This tight corner is called Hit Me Easy, because if you come around the bend and get hit hard, youhave a James Bond vehicle-type incident,”says someone who should know: island guide Roger Augustine, whose job involves mastering the twists and turns of this lush, green —and very hilly —Caribbean island.
“Grenada is not large, he continues. “But if you want to drive around the island you ll be zigzagging around mountains, just to get from point A to point B along the coastal roads. The whole time that Augustine is talking, he s negotiating blind hairpin turns on roads so narrow that it s a miracle we re not exchanging paint colours with passing cars.
Going from point A to point B is definitely worth the effort on Grenada, but you may want to hand the steering wheel over to a local guide: the left-hand drive, manual transmission, steep dropoffs and blind turns could make enjoying the passing scenery a bit of a challenge. And yes, backing up… on a hill… around a curve is a part of the islanddriving test.
Independent since 1974, but still a part of the Commonwealth, the British and the French fought over Grenada through the intense colonization tug-of-war marking the 1600s and 1700s. The remnants of this age are scattered island-wide, from the stone forts that guard the harbour of St. George s to the names of rural villages. village name has a story,”explains Augustine as we drive through Perd Mon Temps in the parish of St. David on the south end of the island. name is French and it means waste my time. When the French saw the rich soil here they expected to dig and find gold and jewels. They dug for a long time, found nothing and decided they had been wasting their time.”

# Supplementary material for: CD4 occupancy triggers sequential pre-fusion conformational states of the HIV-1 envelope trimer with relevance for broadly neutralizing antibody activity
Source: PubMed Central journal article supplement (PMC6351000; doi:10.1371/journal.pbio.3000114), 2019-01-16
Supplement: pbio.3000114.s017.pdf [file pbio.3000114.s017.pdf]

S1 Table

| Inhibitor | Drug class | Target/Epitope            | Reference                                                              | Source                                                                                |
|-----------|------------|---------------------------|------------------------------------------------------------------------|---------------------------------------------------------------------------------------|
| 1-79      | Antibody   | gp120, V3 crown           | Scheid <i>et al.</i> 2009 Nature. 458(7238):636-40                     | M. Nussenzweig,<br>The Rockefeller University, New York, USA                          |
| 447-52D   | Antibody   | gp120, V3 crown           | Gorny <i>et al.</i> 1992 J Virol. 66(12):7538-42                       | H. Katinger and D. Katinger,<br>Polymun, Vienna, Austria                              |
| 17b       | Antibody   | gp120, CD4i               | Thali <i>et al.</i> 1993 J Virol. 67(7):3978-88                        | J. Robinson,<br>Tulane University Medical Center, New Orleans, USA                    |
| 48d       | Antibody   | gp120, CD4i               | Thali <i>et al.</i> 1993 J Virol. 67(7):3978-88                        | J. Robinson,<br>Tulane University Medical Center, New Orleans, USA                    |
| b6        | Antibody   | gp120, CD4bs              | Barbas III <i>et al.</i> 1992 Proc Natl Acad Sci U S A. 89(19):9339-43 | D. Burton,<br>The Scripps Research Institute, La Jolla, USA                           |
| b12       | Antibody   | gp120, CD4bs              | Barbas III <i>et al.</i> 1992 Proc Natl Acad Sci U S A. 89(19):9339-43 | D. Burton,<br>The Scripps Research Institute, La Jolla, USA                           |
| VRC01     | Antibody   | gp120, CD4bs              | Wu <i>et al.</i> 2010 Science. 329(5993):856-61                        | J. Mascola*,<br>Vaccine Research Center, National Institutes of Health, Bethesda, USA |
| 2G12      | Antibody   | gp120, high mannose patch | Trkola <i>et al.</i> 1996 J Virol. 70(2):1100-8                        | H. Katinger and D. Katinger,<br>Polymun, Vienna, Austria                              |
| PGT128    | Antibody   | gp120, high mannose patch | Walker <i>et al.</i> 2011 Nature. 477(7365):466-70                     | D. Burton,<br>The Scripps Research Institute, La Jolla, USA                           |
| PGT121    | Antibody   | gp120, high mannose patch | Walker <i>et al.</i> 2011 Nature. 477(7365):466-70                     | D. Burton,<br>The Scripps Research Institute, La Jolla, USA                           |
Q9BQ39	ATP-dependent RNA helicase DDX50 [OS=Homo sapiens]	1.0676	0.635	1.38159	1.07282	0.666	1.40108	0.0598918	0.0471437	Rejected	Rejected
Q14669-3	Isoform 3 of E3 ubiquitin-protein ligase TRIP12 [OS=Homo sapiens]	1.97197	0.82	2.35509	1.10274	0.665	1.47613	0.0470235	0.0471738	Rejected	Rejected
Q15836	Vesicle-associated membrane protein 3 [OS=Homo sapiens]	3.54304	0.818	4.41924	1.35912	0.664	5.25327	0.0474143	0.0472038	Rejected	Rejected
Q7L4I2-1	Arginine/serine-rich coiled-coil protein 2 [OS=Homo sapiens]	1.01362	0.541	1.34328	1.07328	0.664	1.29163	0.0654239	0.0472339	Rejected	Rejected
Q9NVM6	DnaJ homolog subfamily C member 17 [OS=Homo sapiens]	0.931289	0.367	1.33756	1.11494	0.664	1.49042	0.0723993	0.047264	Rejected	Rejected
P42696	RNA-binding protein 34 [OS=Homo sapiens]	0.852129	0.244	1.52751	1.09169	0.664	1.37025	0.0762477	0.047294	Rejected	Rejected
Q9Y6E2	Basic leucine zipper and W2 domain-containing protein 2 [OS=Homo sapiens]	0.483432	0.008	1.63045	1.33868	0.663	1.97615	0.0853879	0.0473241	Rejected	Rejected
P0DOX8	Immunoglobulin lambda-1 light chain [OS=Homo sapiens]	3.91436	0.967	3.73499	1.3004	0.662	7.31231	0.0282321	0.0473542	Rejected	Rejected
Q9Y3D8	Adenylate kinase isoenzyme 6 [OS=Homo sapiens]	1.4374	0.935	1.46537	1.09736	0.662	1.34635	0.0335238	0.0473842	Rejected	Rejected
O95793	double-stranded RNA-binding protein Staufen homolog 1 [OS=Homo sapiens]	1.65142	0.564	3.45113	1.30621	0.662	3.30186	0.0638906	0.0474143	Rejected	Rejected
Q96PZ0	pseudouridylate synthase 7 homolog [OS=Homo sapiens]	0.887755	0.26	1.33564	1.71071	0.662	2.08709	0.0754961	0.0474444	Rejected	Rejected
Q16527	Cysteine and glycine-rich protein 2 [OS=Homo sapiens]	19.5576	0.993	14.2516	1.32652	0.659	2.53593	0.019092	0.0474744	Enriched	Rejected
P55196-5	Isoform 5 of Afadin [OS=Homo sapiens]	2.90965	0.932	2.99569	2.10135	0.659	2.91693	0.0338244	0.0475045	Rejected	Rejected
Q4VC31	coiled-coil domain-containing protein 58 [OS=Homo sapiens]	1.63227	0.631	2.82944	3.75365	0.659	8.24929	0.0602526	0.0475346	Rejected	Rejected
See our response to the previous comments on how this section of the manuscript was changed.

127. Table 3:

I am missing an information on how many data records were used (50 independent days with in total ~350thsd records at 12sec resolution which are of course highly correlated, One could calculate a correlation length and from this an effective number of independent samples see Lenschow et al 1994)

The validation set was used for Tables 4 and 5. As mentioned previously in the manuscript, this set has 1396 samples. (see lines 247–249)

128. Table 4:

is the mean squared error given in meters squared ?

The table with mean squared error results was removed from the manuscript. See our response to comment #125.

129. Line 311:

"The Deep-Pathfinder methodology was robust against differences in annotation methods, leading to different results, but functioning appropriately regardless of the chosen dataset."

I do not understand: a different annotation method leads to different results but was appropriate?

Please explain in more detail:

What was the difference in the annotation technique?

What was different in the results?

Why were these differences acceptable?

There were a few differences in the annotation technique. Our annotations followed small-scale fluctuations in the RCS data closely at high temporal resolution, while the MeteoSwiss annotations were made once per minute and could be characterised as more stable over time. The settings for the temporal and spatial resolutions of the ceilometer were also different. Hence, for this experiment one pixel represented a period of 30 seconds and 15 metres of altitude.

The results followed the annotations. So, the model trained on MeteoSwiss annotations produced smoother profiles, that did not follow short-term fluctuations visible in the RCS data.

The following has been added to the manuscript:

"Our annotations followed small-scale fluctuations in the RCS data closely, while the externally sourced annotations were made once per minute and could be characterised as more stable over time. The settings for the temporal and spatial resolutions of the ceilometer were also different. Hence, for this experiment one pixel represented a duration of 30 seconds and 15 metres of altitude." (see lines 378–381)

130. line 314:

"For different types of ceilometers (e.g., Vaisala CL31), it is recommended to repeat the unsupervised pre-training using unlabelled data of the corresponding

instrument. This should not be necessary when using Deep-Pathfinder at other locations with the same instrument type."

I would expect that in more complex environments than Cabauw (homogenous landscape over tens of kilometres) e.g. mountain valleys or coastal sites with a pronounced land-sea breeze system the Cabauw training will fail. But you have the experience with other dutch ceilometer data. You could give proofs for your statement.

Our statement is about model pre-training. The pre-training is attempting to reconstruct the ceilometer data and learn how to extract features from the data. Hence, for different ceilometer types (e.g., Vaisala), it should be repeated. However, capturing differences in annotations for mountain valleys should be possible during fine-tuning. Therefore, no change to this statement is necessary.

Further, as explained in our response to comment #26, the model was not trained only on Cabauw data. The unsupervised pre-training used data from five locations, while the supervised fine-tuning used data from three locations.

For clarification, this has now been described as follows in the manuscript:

A knack for quirky village names (Grand Mal and Happy Hill are some others) was not the only thing that the explorers brought with them. Grenada has always been known as the Isle of Spice —spices being just one of the many crops that were planted in the dark, volcanic soil in the 18th and 19th centuries. Bananas, sugar cane, cocoa, coffee and nutmeg were all brought from afar, cultivated on large plantations and then shipped across the world. The cultivation of spices has risen to importance in more than just name: Grenada can claim more spices per square mile than any other place on the planet.
may be the No. 1 producer of nutmeg quantity,”says Augustine, defending the honour of his home island, Grenada is the No. 1 producer of nutmeg quality.”Four centuries ago, nutmeg was the most valuable commodity in the world —its price fuelled by a reputation for everything from a powerful aphrodisiac to a cure for the plague. The fruit is made into jams, jellies and syrups; the lacy red mace layer is dried, ground and used to season dishes; and the hard seed is grated into sauces, baked goods and ice creams.
Spices like nutmeg, mace, cinnamon and bay leaves are still grown and processed the old-fashioned way at the Dougaldston Spice Estate. Just a few kilometres down the roadway, the nutmeg processing factory still hums along in the coastal village of Gouyave. One of two island processing plants, the weathered building is filled with drying racks and sorting bins to move one-third of the worldnutmeg supply out the door and around the globe.
Across the island —on the windward side —is another piece of island legacy: the River Antoine Rum Distillery. is the oldest working water wheel distillery in the entire Caribbean,”says Augustine as we pull up to the large stone building, where theybeen crushing cane stalks and stoking the wood-fired boiling pots since 1785. are more than 220 years of history at this distillery.”River Antoine produces 700 bottles of rum each day —all of it distilled to a minimum of 75 per cent alcohol volume (when bottled, the fiery liquid is diluted down to 69 per cent for export). As on many Caribbean islands, rum is the beverage of choice.
With a bottle of firewater and a few small bags of fresh spices stowed into my daypack, I know when to call it a day. Time passes quickly on this island ruled by spices and flavours. My only regret? Not enough time to take driving lessons and master that trick of backing up and around those curves. Now that would be living on island time.